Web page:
A Dragon, Eating Its Tail

It appears that Abu Mus’ab al-Zarqawi is finding fewer and fewer friends these days as now Saddam loyalists have turned against al-Qaeda and are promising to protect Iraqi polling places from violence. One of the large-scale goals that needs to be achieved to obtain stability in Iraq is to legitimize the political process – and it appears this is exactly what’s happening. Again, I return to Samuel Huntington’s work on democratization theory – by creating an environment in which even ex-Ba’athists feel that the political process and not the insurgency is the proper way to represent their interests, the chances for a lasting democracy have increased dramatically.

The feeling of marginalization among the Sunnis has helped drive much of the insurgency in Iraq, but finally the Sunnis are realizing that the political process will not go away and their previous actions in boycotting the elections only set them back. The Sunnis can’t necessarily win in a winner-take-all system. but in Iraq’s parliamentary system, Sunni parties can easily play kingmaker in a coalition government.

Furthermore, there’s a general sense of optimism in Iraq – in fact, the Iraqis are more positive about their own lives than Americans are. Two thirds of Iraqis polled believe that things will be better for them in the future. Most importantly, 57% of Iraqis support democratization, while only 14% would prefer to see an Islamic state – again, a sign that the Iraqi people see the process of democratization as an inevitability. The more people see democracy as their only valid option, the less support there will be for violent resistance.

The process of democratization is always a matter of two steps forward, one step back. The Sunnis, while increasingly accepting of the democratic process, still remain less optimistic than the rest of Iraq. Al-Anbar province remains a danger zone for the rest of the country. The government needs to do more to crack down on Iranian-backed Shi’ite militias in the south of Iraq at the same time they fight al-Qaeda fighters in al-Anbar. The issue of abuse in Iraq prisons needs to be dealt with, and the government needs to set firm rules regarding the treatment of prisoners – and severely punish those responsible for abuses.

Those who say that Iraq is doomed to fly apart in bloody ethnic conflict are wrong. Iraq’s fate has not been written yet, and the democratic process is continuing to expand outward into Iraq’s Sunni population. We cannot expect Iraq to turn into Connecticut overnight – even after the 15th there will still be a long way to go before Iraq will have settled the many issues it faces in regards to ethnicity, politics, religion, and security. What matters, however, is not the speed of the process, but its direction. It is unquestionable that Iraq is going in the right direction. Our responsibility is to protect and support that process while the Iraqi people continue to work at rebuilding their country.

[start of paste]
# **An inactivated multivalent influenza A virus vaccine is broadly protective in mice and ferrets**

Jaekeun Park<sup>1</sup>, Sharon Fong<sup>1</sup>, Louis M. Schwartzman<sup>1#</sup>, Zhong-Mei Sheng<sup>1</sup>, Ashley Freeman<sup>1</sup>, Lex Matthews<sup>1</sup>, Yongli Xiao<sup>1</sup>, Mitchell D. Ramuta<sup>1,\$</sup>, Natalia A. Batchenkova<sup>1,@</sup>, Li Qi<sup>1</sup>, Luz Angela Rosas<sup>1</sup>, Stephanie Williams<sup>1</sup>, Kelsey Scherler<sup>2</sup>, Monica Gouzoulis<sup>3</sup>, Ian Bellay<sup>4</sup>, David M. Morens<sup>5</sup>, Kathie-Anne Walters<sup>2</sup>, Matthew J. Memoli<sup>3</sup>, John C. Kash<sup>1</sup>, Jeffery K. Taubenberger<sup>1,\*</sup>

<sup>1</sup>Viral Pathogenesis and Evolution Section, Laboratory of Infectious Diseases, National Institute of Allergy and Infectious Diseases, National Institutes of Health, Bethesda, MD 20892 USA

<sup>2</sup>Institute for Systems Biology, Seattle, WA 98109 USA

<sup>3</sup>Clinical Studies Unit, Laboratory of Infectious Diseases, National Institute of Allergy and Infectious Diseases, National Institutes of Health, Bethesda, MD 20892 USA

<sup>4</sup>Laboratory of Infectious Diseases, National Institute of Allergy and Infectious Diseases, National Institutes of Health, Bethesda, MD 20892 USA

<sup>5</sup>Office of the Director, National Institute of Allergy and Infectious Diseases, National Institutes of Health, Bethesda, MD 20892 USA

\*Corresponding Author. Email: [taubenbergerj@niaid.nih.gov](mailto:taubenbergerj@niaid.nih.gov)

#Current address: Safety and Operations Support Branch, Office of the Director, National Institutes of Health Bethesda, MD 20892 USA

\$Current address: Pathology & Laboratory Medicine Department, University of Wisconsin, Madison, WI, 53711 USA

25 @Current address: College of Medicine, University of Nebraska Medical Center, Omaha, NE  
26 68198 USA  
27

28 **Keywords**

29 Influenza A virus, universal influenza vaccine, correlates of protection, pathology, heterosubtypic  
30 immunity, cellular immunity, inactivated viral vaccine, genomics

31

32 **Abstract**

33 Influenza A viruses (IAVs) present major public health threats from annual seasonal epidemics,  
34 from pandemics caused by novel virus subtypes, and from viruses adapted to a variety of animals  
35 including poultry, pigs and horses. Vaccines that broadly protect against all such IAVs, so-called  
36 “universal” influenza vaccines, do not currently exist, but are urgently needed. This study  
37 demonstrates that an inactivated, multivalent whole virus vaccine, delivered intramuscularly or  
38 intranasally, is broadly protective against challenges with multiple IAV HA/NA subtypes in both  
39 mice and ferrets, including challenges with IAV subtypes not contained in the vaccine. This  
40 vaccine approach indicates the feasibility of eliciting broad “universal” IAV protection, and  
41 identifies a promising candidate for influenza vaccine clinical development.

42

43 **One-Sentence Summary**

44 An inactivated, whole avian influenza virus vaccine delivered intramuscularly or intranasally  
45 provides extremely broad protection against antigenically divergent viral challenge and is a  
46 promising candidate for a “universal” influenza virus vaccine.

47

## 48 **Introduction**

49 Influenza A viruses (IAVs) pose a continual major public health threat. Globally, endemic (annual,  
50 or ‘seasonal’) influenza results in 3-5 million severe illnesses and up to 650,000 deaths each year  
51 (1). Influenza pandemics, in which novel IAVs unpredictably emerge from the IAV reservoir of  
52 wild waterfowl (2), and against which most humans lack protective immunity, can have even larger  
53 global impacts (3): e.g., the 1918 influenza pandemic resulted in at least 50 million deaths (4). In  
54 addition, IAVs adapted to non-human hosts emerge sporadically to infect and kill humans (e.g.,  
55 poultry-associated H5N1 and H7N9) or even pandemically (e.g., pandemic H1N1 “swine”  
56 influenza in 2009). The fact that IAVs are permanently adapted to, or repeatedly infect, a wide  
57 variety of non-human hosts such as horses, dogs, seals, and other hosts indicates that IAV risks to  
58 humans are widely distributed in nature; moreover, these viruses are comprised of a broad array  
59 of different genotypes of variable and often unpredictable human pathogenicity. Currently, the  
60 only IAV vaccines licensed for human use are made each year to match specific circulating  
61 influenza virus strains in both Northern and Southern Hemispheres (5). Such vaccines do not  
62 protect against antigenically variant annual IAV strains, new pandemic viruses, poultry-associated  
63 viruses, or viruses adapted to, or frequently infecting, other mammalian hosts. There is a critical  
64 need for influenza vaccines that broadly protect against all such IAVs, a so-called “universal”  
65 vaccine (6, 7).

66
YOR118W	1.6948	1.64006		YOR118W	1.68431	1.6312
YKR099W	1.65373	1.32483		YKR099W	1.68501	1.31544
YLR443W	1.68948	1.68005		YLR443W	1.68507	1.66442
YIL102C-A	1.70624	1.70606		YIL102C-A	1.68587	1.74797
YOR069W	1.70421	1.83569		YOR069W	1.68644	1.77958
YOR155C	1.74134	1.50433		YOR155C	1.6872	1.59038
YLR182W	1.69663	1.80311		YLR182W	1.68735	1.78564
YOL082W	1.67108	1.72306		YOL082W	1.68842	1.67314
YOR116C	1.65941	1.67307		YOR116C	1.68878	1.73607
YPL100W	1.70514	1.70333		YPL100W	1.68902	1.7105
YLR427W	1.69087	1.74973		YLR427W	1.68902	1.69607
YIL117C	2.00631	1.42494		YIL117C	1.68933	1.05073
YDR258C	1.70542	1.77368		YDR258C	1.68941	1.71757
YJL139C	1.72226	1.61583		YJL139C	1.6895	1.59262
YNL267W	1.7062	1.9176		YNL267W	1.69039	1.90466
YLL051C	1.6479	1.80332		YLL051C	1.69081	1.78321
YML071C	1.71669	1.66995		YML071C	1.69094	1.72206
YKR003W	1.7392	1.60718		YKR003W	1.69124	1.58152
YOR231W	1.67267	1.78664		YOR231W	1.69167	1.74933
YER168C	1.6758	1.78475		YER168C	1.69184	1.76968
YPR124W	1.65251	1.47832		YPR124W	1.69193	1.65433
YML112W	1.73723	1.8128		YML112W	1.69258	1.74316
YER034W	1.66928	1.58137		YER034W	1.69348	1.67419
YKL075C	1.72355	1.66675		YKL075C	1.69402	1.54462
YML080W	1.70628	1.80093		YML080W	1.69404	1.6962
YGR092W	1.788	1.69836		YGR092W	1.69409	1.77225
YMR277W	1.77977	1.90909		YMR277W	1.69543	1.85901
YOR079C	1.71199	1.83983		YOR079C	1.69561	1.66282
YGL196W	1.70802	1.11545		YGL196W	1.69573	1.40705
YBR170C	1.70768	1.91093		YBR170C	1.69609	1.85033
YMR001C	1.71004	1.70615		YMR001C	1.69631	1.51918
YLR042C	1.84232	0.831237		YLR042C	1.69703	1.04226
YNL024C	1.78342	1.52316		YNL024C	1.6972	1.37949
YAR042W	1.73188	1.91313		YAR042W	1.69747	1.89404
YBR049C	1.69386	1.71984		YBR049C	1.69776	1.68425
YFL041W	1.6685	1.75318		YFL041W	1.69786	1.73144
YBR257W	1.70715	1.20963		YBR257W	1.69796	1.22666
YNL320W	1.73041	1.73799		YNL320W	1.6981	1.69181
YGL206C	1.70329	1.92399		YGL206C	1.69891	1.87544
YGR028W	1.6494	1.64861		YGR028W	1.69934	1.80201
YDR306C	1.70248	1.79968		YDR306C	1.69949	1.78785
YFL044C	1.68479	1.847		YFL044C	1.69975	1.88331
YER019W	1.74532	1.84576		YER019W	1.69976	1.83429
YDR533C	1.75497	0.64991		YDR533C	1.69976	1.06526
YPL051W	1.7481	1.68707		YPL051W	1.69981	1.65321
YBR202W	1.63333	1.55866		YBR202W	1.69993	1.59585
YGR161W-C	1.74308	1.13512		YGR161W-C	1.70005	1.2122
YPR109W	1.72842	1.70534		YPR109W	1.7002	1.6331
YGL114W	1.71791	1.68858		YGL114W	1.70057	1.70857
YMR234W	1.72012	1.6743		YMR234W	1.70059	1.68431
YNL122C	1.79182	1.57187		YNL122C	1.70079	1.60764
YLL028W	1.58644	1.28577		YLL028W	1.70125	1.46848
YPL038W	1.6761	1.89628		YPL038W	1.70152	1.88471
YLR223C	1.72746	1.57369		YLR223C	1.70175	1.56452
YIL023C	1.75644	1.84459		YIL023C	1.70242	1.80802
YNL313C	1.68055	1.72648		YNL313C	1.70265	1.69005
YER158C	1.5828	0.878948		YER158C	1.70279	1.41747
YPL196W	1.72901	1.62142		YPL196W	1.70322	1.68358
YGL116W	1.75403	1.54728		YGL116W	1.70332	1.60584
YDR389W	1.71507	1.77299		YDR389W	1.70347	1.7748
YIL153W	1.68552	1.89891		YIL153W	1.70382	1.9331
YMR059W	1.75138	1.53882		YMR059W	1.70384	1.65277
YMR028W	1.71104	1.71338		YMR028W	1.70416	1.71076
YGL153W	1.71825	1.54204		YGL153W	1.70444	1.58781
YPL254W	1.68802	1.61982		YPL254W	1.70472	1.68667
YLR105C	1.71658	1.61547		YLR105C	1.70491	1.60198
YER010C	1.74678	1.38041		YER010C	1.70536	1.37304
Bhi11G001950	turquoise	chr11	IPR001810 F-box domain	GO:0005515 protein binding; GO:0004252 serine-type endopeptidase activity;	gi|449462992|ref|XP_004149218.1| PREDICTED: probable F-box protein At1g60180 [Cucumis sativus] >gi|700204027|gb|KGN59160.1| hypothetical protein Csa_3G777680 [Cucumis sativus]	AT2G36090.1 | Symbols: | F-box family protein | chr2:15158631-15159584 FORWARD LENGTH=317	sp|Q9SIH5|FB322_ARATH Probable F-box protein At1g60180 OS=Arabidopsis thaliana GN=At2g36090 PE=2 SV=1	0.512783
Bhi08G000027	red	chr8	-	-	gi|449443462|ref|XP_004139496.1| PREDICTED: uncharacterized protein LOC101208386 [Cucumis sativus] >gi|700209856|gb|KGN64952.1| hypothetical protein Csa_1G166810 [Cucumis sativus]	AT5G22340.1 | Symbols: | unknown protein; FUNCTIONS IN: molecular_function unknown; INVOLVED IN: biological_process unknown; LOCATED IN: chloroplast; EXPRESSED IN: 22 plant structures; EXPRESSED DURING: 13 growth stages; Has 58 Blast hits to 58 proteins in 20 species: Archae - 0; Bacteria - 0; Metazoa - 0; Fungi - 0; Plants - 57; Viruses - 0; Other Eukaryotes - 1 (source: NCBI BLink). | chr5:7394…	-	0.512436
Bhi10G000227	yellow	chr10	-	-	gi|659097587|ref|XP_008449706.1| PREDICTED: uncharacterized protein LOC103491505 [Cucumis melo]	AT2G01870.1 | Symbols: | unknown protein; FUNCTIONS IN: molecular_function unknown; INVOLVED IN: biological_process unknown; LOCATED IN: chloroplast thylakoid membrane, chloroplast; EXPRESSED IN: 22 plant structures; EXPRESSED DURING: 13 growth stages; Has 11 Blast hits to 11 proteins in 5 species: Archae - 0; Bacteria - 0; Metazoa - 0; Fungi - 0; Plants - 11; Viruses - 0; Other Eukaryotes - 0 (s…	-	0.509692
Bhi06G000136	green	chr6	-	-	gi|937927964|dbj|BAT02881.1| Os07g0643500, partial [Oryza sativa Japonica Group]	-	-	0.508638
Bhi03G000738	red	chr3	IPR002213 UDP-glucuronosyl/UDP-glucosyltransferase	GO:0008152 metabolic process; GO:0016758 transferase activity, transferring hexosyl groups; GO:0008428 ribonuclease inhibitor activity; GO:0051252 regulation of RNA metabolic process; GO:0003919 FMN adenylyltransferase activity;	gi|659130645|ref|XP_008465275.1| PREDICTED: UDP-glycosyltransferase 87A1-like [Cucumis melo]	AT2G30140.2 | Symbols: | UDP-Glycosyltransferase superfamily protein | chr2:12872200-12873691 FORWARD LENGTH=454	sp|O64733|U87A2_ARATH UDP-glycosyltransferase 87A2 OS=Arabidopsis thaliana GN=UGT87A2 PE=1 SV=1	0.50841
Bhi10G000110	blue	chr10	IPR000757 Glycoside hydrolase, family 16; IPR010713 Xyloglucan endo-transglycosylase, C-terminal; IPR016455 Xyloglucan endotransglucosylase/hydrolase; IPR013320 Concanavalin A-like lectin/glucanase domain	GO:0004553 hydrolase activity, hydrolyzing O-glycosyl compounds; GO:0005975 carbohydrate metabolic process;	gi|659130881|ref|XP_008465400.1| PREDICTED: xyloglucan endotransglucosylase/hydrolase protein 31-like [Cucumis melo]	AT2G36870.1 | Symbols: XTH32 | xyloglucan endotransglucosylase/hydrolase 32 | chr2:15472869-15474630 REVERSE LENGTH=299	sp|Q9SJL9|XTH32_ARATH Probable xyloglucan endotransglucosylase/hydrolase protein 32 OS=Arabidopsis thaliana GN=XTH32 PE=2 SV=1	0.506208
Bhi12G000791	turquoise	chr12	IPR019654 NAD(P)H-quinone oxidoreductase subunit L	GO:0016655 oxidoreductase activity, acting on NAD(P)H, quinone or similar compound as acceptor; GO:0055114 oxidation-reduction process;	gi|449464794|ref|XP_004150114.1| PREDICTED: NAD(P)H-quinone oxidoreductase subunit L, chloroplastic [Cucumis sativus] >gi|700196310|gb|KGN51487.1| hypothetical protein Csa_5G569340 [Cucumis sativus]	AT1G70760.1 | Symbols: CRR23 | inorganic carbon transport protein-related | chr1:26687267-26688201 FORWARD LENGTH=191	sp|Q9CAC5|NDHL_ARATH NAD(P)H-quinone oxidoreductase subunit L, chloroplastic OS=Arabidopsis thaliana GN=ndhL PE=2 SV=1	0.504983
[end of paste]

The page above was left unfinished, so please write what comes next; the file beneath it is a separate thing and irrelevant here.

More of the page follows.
It is interesting to compare and contrast American attitudes towards Iraq with the attitudes of those who are in Iraq, both US troops and the Iraqis themselves. While the US public is fed a steady diet of slanted, negative reporting, the Iraqi people and troops in the field see life in Iraq as it actually is. Terrorism is losing its power in Iraq – groups like al-Qaeda have proven that they do not represent all Muslims as one combined ummah but are perfectly willing to slaughter fellow Muslims who do not represent their radical views.

The War on Terror, both in Iraq and elsewhere, is being won. The dragon is eating its own tail, it’s own violence destroying the very ideological cachet which sustains it. It’s one thing to be part of a group that represents freedom and an end to oppression and a return to a purer culture – it’s another thing entirely to walk around and slaughter all those who disagree, including innocent Muslims. The doctrine of terrorism is being exposed for the evil that it is, and the moderate Muslim majority is finally willing to speak out.

Muslims are rightly sick and tired of being associated with head-lopping fanatics. They are rightly sick and tired of living in autocracies that systematically deny them the basic rights that others have. They are rightly sick and tired of being poor, uneducated, and kept culturally backwards. One of the greatest achievements in the wars in Iraq and Afghanistan won’t be felt for another generation – as those students who are now in schools across those two countries build a new future for their nations.

The next generation could very well be the beginning of a new Renaissance in the Muslim world as the chains of radicalism are broken and a new sense of optimism spreads across the Middle East. Yet that future is no more assured than the predictions of imminent disaster. The US can do its part by continuing to foster the democratic process in Iraq, but it is ultimately up to the people of the Middle East to determine their own future.

One thing we do know, and everything we’re now seeing in Iraq is a reminder of this, is that there is no power in history comparable to the human desire for freedom. No autocracy or tyranny has ever withstood that power. In spite of all the violence in Iraq, the people of Iraq have gained more and more confidence in the democratic process. Democracy is not some arbitrary construct of Western society, it is the only system of government compatible with basic human aspirations and human rights. The people of Iraq are bravely forging a new future for themselves, and men like al-Zarqawi cannot stop the democratic process. The Iraqi see democracy as an inevitability, and they are right to do so.

The will of the Iraqi people isn’t represented by guns and bombs, but by votes, and it is time that our media and politicians realized which side needs and deserves our support.

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